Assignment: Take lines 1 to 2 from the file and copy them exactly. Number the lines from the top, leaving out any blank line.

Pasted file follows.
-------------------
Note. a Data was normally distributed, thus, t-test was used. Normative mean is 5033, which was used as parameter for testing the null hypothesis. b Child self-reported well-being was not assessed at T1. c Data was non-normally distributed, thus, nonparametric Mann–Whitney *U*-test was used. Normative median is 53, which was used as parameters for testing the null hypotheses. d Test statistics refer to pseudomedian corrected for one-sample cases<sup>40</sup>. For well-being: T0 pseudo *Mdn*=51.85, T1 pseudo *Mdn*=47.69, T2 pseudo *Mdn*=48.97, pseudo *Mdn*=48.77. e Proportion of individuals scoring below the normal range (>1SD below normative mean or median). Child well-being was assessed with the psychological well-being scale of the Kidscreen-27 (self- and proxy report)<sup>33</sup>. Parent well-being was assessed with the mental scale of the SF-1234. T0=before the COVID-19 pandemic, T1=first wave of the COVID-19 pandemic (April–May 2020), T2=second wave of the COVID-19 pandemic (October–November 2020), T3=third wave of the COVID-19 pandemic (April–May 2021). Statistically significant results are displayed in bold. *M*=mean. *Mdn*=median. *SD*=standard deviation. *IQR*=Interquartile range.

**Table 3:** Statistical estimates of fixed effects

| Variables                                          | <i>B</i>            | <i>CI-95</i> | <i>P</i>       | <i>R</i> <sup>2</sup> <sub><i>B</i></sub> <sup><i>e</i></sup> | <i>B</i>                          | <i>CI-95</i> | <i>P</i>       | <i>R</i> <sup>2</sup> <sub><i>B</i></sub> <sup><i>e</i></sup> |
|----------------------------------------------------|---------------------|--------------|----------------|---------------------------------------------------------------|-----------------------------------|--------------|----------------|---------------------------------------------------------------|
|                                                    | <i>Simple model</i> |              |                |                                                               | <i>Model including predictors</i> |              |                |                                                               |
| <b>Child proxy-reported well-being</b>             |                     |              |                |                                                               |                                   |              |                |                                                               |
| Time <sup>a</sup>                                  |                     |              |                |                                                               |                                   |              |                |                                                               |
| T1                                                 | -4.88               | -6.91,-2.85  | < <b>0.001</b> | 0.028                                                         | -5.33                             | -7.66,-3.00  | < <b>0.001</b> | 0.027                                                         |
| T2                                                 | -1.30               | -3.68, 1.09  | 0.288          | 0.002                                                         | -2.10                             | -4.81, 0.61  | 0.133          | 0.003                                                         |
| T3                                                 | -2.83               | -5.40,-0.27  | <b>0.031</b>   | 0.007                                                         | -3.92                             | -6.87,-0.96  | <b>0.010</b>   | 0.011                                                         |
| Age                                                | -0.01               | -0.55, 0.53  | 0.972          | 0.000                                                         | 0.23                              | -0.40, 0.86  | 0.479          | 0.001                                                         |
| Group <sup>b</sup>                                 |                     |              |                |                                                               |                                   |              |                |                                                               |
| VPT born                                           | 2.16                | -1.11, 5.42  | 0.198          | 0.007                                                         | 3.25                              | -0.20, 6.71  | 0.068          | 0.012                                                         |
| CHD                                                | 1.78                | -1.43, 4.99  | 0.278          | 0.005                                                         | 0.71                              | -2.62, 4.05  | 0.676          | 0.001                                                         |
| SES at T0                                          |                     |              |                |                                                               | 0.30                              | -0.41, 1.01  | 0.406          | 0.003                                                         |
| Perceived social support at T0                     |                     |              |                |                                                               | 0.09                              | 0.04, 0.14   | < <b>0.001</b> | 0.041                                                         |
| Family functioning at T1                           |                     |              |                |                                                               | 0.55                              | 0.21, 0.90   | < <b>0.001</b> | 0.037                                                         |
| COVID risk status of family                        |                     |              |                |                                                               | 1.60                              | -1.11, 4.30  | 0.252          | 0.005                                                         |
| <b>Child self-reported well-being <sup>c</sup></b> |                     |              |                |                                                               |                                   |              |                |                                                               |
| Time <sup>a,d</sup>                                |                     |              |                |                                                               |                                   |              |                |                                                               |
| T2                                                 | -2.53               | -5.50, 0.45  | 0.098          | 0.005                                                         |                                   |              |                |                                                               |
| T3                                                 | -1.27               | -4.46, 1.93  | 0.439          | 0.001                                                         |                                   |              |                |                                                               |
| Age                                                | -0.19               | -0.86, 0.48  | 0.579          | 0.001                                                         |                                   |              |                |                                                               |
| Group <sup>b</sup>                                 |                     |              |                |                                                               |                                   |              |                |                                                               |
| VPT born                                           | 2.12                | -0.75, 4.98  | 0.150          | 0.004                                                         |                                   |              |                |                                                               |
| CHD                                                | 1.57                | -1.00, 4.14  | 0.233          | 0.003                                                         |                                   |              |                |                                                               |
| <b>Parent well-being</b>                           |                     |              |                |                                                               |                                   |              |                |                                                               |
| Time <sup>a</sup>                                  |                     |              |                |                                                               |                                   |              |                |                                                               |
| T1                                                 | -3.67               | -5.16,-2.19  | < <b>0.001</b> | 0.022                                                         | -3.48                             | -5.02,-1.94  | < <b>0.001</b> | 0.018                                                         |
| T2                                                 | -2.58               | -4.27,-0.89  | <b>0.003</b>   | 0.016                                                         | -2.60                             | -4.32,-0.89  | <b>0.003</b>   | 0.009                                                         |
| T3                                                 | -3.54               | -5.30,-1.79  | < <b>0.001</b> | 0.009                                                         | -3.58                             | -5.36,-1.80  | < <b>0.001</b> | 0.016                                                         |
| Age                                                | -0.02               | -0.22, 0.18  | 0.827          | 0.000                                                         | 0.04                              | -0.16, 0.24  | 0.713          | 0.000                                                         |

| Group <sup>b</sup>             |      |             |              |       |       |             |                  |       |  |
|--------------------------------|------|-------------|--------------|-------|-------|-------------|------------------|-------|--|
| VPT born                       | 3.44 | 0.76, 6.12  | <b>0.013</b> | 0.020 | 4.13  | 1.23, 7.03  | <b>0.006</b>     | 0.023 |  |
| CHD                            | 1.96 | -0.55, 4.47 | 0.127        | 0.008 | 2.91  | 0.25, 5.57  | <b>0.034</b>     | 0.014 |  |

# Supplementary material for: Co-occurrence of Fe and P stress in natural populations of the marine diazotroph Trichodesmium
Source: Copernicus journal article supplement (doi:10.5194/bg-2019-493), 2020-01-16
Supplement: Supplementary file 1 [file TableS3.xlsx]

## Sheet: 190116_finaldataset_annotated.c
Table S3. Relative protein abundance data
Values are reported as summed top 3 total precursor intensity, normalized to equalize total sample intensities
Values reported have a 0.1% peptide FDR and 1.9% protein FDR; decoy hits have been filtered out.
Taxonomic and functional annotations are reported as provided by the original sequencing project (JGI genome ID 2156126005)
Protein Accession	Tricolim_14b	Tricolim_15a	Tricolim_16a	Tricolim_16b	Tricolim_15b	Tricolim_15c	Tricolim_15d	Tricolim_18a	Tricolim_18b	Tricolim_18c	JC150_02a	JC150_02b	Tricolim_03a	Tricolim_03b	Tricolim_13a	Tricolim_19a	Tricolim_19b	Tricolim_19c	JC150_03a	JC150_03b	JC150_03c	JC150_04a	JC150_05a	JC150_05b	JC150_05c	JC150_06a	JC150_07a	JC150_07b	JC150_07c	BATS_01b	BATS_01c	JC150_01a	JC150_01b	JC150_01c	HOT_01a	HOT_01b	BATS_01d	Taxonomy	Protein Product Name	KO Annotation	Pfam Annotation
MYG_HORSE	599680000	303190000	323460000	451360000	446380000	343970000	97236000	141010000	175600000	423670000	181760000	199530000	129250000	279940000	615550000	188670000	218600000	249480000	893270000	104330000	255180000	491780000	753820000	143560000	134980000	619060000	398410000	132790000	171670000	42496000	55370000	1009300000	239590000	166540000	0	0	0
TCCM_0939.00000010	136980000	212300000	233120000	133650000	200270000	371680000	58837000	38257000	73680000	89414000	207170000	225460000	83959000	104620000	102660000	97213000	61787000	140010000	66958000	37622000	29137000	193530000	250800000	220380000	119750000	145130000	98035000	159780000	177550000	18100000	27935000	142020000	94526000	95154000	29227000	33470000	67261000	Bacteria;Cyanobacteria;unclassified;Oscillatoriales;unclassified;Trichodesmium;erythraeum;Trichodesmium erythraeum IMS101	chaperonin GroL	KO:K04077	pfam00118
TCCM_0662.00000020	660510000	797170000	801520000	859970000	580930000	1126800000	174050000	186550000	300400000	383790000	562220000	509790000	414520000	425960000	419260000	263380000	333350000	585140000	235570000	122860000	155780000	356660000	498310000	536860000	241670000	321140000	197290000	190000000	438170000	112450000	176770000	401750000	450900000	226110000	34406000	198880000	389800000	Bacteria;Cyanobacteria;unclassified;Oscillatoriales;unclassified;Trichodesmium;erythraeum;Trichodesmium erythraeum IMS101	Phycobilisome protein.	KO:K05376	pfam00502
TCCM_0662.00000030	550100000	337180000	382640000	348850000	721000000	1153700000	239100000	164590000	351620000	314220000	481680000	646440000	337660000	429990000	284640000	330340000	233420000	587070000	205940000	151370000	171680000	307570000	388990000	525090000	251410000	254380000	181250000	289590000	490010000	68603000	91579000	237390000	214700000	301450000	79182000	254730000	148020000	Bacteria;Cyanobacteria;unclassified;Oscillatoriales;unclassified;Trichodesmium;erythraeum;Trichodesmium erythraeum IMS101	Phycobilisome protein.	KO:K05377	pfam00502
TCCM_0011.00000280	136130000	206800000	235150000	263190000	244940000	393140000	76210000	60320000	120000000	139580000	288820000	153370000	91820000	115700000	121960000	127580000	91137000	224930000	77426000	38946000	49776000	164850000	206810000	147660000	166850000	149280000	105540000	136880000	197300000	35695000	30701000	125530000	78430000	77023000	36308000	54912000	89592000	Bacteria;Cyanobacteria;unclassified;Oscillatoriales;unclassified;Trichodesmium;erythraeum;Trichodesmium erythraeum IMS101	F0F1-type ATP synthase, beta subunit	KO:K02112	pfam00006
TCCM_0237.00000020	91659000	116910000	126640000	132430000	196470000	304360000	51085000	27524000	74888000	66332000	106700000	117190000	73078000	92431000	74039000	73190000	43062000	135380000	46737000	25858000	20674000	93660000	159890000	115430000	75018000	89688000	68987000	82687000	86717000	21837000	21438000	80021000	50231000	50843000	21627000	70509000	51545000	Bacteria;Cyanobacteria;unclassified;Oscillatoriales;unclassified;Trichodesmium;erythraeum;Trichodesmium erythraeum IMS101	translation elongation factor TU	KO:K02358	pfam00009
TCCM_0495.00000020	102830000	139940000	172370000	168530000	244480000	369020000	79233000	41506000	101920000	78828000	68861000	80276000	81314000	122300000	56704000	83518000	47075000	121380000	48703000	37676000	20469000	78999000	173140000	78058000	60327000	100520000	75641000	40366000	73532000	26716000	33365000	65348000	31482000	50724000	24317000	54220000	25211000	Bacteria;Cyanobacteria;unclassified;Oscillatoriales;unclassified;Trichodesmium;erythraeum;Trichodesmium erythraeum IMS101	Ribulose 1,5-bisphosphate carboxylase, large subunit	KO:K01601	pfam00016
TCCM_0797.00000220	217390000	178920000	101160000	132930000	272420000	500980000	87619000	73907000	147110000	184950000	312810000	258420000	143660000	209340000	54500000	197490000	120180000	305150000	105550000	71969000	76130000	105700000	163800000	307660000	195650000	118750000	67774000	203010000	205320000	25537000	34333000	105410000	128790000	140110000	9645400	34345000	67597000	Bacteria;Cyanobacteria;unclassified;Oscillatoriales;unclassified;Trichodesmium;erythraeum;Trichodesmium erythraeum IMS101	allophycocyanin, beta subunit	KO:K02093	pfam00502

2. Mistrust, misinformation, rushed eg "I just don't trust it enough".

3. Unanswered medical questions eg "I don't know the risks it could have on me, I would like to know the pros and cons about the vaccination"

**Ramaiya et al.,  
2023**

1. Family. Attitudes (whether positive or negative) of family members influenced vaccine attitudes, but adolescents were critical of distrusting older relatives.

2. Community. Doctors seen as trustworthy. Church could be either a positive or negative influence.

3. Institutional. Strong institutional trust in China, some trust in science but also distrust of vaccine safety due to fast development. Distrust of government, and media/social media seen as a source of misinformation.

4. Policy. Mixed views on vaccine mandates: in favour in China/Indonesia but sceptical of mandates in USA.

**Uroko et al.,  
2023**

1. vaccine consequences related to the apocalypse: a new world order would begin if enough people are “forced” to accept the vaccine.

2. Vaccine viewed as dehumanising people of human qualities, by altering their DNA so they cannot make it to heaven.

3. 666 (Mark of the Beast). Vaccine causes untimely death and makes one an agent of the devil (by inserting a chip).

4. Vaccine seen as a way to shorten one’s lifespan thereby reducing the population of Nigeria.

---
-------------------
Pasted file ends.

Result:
Note. a Data was normally distributed, thus, t-test was used. Normative mean is 5033, which was used as parameter for testing the null hypothesis. b Child self-reported well-being was not assessed at T1. c Data was non-normally distributed, thus, nonparametric Mann–Whitney *U*-test was used. Normative median is 53, which was used as parameters for testing the null hypotheses. d Test statistics refer to pseudomedian corrected for one-sample cases<sup>40</sup>. For well-being: T0 pseudo *Mdn*=51.85, T1 pseudo *Mdn*=47.69, T2 pseudo *Mdn*=48.97, pseudo *Mdn*=48.77. e Proportion of individuals scoring below the normal range (>1SD below normative mean or median). Child well-being was assessed with the psychological well-being scale of the Kidscreen-27 (self- and proxy report)<sup>33</sup>. Parent well-being was assessed with the mental scale of the SF-1234. T0=before the COVID-19 pandemic, T1=first wave of the COVID-19 pandemic (April–May 2020), T2=second wave of the COVID-19 pandemic (October–November 2020), T3=third wave of the COVID-19 pandemic (April–May 2021). Statistically significant results are displayed in bold. *M*=mean. *Mdn*=median. *SD*=standard deviation. *IQR*=Interquartile range.

**Table 3:** Statistical estimates of fixed effects